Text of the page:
Creating a sense of pride in Livingston students is important for J.J. Wedgworth, the new school’s founder.

Wedgworth was born and raised in Livingston and went to the recently-closed Sumter Academy, which succumbed to a fate much like Livingston High: low enrollment.

In the past 20 years, Black Belt counties have lost 8,451 people, while the state has grown by 400,000. Of Sumter County’s 2,664 children, only 1,736 are enrolled in traditional public schools, according to the data book.

Even before Sumter Academy’s closing and the merger of the public high schools, families that had the means to do so – including UWA faculty – would often enroll their children in schools outside the county or resort to other options, like homeschooling.

Former UA chancellor and Honors College founder Robert Witt, who serves on UCS’s board, referred to that decline as a “death spiral.”

“I think if something isn’t done to reverse the population decline – while I don't think it means that Livingston will die and disappear, it will continue to decline in population,” he said. “And when population is declining, you reach trigger points, which make it economically not feasible for certain services to exist in the community,” such as hospitals and retail outlets.

Witt’s expertise in forming a community of scholars through the UA Honors College made him especially valuable to a committee interested in keeping families in the Black Belt.

UWA’s plan to create a charter school, Witt said, would provide a solution.

“What I like about charter schools is if you approach it the right way, I think you can achieve what they achieved in Livingston, which is racial balance,” he said.

But Wedgworth and Witt also anticipated some resistance to the plan. Charter schools are sometimes criticized for draining resources from struggling public schools, and some are skeptical about a lack of direct district oversight.

“I think part of the role I've played was to try to reassure the community members that I talked with at the public hearings, that this was going to be a net benefit to the community,” Witt said.

If UCS is successful in adding a grade level each year, he said, the model could very well be replicated throughout the Black Belt region in the next five years. That means that a movement may be in order for a state that’s been slow to catch up to a nationwide push for school choice.

“The goal is to set up more than a charter school,” Witt said last year, before the school opened. “The goal is to create a system that will address a systemic problem.”


The phrase “failing school” is a loaded one, but it wasn’t foreign to Green or many of her classmates.

For her, that phrase meant a lack of resources and access. It meant old textbooks and a prom she’d have to fight for. It meant students phone banking for a property tax increase and graduates playing catch-up through remedial college courses.

Even as the valedictorian, Green said, she felt inferior to students in other schools.

“I’m supposed to be one of the top 10 of our class and, you know, they know a lot more than I know about things,” she said.

That feeling was echoed by Green’s cousin, Shakendra Bowden, who attended the same school.

“I thought I was just the smartest thing here on God’s green earth,” Bowden said. “And then when I started college… and I saw how intelligent [my peers] were, it made me feel like, like I was just dumb.”

But none of this meant that Green and Bowden weren’t proud of the place that molded them into young adults, or that they weren’t capable of success, or that their teachers didn’t care.

“I never wanted anything to defeat me,” Green said, adding that she was an avid reader and often supplemented her lessons with books. Later, she’d befriend teachers who’d tell her how much they spent on classroom supplies for students who couldn’t afford them.

So, when she saw plans surface for the charter school – even 14 years removed from high school – Green was skeptical.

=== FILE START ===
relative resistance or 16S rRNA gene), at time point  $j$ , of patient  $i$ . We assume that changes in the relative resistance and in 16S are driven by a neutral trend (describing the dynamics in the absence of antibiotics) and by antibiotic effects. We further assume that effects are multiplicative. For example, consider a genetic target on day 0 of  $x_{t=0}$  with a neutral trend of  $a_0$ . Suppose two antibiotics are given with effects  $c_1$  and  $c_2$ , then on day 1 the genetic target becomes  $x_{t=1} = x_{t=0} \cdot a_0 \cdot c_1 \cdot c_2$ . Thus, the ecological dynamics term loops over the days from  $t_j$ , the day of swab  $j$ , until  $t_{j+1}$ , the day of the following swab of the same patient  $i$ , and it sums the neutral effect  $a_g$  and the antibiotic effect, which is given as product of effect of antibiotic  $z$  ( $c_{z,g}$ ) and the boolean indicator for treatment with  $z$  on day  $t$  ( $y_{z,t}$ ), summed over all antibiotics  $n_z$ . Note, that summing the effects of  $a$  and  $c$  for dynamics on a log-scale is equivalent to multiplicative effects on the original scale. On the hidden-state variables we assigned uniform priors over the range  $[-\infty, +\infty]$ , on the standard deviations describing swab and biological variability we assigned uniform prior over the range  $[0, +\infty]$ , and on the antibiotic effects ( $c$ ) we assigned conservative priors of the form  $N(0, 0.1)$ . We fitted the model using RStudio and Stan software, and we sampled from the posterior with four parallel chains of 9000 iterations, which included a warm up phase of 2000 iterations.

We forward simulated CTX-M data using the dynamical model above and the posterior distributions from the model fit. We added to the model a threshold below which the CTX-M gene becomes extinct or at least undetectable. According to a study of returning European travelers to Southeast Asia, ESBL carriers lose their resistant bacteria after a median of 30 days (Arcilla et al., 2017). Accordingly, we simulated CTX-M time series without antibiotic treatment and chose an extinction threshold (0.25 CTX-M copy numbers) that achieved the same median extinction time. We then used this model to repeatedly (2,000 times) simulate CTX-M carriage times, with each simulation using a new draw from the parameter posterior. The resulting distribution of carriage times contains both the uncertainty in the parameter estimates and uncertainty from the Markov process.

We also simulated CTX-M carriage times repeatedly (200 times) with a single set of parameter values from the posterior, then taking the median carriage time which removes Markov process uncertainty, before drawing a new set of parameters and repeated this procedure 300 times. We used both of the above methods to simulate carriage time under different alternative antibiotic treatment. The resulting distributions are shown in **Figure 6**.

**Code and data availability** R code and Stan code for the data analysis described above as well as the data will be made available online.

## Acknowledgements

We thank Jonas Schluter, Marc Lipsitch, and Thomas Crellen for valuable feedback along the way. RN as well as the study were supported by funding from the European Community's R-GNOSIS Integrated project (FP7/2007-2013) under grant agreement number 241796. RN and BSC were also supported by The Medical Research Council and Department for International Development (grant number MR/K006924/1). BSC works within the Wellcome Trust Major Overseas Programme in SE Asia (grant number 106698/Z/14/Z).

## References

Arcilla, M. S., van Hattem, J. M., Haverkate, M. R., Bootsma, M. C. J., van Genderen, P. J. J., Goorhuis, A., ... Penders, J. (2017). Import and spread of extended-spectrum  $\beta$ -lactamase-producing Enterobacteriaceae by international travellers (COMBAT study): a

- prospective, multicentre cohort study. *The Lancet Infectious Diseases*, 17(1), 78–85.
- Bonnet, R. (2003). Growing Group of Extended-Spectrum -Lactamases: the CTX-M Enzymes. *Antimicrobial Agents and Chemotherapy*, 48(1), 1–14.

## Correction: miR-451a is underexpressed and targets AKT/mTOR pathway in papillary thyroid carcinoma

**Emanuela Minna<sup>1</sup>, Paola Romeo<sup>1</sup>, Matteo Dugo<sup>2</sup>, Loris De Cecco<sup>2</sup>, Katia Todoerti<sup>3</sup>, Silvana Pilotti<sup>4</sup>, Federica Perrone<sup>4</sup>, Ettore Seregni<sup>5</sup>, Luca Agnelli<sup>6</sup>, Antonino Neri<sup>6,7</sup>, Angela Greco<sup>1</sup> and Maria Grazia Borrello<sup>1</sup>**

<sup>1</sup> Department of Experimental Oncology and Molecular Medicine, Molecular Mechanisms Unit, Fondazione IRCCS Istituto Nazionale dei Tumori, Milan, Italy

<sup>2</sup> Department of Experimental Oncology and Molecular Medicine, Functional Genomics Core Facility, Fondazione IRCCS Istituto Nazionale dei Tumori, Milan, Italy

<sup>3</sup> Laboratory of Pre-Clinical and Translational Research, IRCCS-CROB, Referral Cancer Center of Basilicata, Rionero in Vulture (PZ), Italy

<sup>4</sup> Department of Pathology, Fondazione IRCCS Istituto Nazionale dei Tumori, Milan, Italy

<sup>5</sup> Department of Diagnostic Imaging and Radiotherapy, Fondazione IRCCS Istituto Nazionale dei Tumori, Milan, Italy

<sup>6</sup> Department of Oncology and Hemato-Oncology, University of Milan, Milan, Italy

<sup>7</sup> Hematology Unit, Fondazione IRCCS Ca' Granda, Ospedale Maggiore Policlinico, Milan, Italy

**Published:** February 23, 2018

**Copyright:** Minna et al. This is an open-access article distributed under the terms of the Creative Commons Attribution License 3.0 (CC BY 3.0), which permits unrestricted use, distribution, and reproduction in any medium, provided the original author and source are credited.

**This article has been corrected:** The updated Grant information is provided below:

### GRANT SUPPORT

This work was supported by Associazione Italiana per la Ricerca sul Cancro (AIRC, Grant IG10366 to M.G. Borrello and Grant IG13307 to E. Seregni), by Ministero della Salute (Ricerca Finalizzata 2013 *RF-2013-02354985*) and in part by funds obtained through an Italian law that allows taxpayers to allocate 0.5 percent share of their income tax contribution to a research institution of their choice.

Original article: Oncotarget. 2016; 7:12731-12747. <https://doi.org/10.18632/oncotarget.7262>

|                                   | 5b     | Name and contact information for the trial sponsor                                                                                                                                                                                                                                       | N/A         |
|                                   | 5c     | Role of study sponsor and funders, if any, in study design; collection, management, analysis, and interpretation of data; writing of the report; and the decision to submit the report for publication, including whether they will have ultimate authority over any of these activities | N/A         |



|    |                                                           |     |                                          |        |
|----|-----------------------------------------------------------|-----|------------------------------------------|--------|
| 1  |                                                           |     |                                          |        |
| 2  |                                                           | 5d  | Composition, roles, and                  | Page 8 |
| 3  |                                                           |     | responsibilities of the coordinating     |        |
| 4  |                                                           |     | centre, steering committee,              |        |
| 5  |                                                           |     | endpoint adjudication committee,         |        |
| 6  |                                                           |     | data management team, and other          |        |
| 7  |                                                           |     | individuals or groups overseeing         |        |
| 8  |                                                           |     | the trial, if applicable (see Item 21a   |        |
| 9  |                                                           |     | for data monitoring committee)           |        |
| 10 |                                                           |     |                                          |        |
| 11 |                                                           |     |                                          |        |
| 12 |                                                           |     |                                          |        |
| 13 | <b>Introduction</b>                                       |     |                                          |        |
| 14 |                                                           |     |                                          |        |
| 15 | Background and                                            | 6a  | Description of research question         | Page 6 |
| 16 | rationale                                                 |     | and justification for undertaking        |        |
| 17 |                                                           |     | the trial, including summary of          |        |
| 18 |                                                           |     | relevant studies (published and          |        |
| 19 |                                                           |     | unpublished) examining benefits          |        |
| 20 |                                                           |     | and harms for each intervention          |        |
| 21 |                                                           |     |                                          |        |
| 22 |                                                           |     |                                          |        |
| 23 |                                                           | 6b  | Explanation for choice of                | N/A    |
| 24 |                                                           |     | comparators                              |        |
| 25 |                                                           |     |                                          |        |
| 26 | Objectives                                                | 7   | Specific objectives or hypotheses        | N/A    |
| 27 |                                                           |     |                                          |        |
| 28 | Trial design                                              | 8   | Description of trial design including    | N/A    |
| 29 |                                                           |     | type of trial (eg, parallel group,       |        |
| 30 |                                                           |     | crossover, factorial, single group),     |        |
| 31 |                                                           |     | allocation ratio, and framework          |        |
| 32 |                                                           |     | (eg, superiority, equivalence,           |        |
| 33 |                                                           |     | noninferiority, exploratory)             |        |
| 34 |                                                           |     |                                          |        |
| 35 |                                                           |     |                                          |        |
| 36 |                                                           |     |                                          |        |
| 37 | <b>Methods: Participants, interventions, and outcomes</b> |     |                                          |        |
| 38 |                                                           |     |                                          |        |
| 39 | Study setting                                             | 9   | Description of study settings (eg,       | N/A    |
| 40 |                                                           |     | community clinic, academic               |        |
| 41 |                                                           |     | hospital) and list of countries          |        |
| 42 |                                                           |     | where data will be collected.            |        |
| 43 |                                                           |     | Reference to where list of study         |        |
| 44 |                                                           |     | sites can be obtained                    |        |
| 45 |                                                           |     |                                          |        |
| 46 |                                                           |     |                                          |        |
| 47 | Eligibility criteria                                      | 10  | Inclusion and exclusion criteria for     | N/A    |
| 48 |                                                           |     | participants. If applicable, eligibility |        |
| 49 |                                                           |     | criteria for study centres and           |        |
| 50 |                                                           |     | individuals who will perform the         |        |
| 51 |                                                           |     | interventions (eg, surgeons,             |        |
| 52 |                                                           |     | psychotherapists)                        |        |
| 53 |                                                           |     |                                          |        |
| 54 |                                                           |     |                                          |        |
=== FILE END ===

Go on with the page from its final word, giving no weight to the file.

“I became conflicted because my allegiance has always been to the public school system,” she said. “I thought it was going to be like an attempt to create a new private school basically, that segregation would prevail, still, and, you know, just be more of the same.”

While a student, Bowden was top of her class, the cheerleading captain, and in the honors society. She also admired her teachers, many of whom were part of her family.

“I wouldn’t have chosen another school,” she said.

But when her son Brayden reached the first grade, that’s exactly what she did. And she didn’t think twice about it.

“Before, he would come home, and he would never brag about the things he did in school,” she said. “‘How was school?’ ‘It was alright,’ he would say. Now at UCS when he comes home and I ask him, ‘How was school?’ he has so much to tell me, and his face lights up.”

Bowden taught at Livingston Junior High School for five years before taking a job outside the county. As some of her fellow teachers started to enroll their children at the charter school, she said, UCS quickly became a hot topic.

“Basically, it was all based on race,” she said. “‘Cause we are still heavily embedded in the South. If UCS is to just flourish, [some of my coworkers thought] the rest of the schools will basically crumble, and at some point they’ll close doors and the students are left out.”

Like Green, Bowden had memories as a student of her teachers pulling their children out of the schools that they taught at for schools like Sumter Academy, with more resources, and, subsequently, more white students.

“I remember looking at that teacher thinking, ‘Well, you just think your child is all that. You don’t want your child around us,’” she said. “That was my train of thought. But now, I can see where that teacher was coming from as a parent. She only wants the best for her child.”

At UCS, Brayden will be fluent in Spanish by the 5th grade, she said – a subject Bowden didn’t take until high school.

At UCS, he’ll get to build robots and play strings instruments.

At UCS, he’ll have the resources that his former classmates might have to go without.

And Bowden’s ties to the outside system won’t keep her from giving him those resources.

“That’s the school system I grew up in,” Bowden said. “I love that school to death. I just wish that we had, if not all, at least some of the opportunities that UCS has.”

Follow Us
  • Facebook Basic Square
  • Twitter Basic Square
  • Google+ Basic Square
bottom of page